There are 50 milestones that are divided into 4 distinct phases of recovery. The 4 phases are named “from the couch to the bus depot to the mall to work.” That’s the layman’s terms, that everyone can relate to. In research terms the 4 phases are cognitive dissonance, which is the acute psychotic phase. Insight, which is when the patient begins to question, “Hm, maybe there really aren’t ghosts trying to follow me—maybe that’s my brain playing tricks on me.” The third phase is cognitive constancy, which is when the person is able to reengage with the world in an interactive way. And the fourth phase is ordinariness, and that phase was named with the help of the participants in the research. When I said, “What’s the ultimate goal that you hope to achieve at the end of this program?” and they said, “I just want to be ordinary, like everybody else.”

In understanding the MAPP trajectory, it’s important to know that these phases are not linear. They overlap. So, when a patient is in the throes of the psychosis and they’re on the couch, they’ll be questioning, they’ll be trying to get some insight. Eventually this person will say, “I’m tired of being isolated“ and they’ll go somewhere rather remote where there is not a lot of people they have to talk to. So typically, that’s a bus depot, and we see a lot of our patients hanging out at the bus depot because at the bus depot you’re sort of a non-entity but yet the person with schizophrenia is craving to be around other people but afraid to speak or still unable to speak. That phase can be another 9 months or so. Then the individual will say “you know I was ready to go to the mall.” And what’s different about the mall is its light, the patient is seen, and they interact, and they purchase things. To make a purchase like everyone else, it’s a huge milestone. Then they’re ready for ordinariness. Then they’re ready to think about going to school, getting some kind of a job, and getting on with it.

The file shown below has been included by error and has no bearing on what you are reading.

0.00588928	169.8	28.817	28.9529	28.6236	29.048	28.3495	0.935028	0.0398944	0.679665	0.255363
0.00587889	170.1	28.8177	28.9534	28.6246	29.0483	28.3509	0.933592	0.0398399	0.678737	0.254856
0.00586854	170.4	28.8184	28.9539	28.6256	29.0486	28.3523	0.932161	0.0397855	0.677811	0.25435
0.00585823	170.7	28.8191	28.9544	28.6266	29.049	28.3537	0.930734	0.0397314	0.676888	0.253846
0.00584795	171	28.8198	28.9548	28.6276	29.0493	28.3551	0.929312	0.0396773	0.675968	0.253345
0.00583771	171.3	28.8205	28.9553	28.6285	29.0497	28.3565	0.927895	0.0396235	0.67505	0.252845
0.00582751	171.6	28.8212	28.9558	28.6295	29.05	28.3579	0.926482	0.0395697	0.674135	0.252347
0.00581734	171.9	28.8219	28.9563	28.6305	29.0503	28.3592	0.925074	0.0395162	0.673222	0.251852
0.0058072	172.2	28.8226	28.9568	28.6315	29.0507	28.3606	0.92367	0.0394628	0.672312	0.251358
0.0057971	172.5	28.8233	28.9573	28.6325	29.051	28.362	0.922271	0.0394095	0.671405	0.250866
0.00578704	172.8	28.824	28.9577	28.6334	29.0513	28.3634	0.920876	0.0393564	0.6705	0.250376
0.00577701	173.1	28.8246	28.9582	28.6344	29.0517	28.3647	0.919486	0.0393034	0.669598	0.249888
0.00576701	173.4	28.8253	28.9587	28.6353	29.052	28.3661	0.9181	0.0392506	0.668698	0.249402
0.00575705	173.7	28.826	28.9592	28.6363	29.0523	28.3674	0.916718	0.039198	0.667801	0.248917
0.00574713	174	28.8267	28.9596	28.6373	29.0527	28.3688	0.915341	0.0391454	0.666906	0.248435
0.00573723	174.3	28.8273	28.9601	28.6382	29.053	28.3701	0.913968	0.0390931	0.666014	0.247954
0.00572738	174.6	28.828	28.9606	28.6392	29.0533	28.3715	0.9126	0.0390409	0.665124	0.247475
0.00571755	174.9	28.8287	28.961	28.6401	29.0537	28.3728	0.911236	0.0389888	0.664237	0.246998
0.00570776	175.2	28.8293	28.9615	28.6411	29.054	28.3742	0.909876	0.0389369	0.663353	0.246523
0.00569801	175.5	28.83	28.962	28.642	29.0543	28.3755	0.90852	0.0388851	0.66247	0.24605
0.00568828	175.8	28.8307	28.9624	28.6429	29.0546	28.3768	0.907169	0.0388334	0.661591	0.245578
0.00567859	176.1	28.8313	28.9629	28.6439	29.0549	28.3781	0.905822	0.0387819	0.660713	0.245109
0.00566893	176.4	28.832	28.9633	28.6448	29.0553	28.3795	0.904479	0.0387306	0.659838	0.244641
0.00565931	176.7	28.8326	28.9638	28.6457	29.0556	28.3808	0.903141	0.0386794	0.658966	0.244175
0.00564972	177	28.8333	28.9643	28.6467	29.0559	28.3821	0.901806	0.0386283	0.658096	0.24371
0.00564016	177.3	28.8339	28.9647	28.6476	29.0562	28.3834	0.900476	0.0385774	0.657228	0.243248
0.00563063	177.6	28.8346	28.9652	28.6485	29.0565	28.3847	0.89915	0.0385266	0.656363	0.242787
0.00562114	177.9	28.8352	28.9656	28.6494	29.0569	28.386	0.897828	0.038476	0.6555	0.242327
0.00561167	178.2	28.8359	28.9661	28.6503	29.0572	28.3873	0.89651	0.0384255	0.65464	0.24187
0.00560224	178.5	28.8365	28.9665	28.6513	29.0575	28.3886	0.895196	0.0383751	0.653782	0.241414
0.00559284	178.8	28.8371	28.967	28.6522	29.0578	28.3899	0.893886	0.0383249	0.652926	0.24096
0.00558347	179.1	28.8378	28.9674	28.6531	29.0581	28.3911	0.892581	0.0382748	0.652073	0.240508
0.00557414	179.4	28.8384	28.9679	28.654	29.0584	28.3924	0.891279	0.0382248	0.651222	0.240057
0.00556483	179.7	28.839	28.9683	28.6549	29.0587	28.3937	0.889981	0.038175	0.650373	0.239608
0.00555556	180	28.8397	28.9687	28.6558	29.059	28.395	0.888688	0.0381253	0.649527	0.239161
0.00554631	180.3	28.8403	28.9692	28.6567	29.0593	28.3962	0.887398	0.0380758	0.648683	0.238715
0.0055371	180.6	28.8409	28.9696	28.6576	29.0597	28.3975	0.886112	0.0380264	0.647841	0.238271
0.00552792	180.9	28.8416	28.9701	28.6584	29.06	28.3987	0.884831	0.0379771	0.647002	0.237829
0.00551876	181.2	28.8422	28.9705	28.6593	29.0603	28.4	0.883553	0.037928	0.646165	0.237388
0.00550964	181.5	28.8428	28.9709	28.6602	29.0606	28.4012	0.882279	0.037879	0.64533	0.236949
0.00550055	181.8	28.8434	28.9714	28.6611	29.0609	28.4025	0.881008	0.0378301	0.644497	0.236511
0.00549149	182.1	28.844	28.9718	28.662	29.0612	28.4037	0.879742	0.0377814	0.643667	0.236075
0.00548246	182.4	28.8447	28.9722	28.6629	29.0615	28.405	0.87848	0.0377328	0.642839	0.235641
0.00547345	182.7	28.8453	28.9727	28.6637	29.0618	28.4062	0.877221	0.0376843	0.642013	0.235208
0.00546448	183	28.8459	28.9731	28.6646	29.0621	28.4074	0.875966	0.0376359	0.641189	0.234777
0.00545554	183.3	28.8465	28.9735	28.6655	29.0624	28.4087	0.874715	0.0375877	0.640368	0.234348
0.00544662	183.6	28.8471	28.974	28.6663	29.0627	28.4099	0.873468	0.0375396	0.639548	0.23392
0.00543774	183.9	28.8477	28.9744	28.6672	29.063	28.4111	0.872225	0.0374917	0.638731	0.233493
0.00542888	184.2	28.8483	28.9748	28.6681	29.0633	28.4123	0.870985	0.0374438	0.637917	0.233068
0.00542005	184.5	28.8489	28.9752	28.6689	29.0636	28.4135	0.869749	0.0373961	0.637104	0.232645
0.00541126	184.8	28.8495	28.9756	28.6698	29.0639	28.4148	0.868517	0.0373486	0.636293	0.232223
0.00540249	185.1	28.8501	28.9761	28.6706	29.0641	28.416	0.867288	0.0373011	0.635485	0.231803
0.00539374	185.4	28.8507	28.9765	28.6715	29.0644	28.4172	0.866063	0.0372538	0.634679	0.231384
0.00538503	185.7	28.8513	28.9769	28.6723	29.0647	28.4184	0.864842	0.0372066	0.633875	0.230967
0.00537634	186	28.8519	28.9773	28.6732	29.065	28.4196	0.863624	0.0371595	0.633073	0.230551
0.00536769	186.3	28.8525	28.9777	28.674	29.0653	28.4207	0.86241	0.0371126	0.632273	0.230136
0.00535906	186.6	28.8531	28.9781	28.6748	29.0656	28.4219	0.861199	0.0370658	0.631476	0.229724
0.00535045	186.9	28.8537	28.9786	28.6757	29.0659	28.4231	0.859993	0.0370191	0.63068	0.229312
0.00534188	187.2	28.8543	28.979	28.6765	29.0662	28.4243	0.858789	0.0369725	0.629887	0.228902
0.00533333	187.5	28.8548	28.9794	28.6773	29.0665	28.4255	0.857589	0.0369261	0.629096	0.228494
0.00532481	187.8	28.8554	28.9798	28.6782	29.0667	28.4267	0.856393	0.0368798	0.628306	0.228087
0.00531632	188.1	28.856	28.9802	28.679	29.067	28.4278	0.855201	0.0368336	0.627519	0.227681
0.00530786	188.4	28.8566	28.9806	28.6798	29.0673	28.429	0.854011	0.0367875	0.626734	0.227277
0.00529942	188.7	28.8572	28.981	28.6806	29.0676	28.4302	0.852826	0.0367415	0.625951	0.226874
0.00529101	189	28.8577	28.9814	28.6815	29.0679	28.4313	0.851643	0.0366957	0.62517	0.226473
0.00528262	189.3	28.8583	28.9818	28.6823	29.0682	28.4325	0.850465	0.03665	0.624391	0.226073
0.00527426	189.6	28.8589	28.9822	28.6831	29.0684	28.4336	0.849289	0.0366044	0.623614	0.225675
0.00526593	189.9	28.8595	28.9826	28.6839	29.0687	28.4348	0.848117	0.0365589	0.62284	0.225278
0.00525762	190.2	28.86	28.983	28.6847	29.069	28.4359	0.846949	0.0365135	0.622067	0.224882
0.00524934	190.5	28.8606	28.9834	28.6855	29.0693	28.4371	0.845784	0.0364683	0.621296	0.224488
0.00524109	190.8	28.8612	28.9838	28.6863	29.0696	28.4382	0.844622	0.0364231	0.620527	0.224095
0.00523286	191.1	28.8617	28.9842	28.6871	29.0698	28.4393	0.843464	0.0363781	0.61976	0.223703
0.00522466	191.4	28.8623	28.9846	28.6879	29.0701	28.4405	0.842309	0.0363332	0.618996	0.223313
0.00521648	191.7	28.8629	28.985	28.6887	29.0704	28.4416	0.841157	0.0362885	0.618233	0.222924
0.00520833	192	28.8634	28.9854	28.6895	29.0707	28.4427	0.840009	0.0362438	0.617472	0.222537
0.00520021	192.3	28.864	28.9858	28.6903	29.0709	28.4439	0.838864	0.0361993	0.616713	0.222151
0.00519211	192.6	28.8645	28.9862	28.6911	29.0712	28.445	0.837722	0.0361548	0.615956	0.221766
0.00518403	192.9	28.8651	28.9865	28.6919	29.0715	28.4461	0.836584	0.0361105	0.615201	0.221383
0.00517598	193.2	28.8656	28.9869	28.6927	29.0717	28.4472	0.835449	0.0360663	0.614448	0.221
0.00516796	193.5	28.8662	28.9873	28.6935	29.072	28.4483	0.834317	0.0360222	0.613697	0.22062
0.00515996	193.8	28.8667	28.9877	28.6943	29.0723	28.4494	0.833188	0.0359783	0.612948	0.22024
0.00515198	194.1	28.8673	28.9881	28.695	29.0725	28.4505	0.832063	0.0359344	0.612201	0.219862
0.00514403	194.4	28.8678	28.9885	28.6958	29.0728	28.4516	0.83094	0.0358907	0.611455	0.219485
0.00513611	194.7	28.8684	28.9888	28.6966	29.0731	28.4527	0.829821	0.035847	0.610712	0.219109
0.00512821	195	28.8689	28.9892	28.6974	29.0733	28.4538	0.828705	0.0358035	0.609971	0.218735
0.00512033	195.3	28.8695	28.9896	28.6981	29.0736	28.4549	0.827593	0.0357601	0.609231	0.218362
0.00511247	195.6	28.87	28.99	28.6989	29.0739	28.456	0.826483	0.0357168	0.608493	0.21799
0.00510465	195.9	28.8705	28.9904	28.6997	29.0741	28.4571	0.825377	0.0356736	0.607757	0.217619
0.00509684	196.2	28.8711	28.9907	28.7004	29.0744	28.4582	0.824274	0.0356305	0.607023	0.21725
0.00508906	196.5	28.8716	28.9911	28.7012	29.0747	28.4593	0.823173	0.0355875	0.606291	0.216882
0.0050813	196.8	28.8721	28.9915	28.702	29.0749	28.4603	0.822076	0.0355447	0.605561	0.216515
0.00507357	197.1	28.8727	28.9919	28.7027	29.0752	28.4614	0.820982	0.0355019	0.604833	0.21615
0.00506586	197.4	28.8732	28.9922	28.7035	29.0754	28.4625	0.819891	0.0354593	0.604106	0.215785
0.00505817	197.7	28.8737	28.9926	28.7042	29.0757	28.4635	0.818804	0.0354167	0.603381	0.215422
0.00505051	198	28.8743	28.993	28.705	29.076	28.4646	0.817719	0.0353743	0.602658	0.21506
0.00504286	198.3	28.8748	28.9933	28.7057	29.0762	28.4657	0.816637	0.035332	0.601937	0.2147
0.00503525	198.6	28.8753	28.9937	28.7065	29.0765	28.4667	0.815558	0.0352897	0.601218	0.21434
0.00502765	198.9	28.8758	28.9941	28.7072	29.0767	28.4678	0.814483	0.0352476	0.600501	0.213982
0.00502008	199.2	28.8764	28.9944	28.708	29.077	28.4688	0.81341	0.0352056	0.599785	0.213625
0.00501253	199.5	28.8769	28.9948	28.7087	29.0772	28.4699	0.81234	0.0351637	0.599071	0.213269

Post-psychotic adjustment is a multiphased process that takes time5

Psychosocial recovery is a measured process, one that Dr. Moller, an expert in psychopharmacology, has spent a career benchmarking. The Milestones of Adjustment Post-Psychosis (MAPP) schizophrenia recovery model that she co-developed helps psychiatrists accurately chart a patient’s psychosocial progress over 4 distinct phases5:

Phase 1: Cognitive Dissonance

—Recognizing the effect of psychosis on functioning

Phase 2: Insight

—Understanding the relation of symptoms to reality

Phase 3: Cognitive Constancy

—Achieving stability in thinking and responding to others

Phase 4: Ordinariness

—Performing activities of daily living as others do

The ultimate milestone for patients is to complete normal activities of daily living that are reflective of their pre-psychosis functioning.

Teva is committed to providing education and enhancing care for everyone living with schizophrenia.

The SCZ Now initiative was created to help support this educational effort.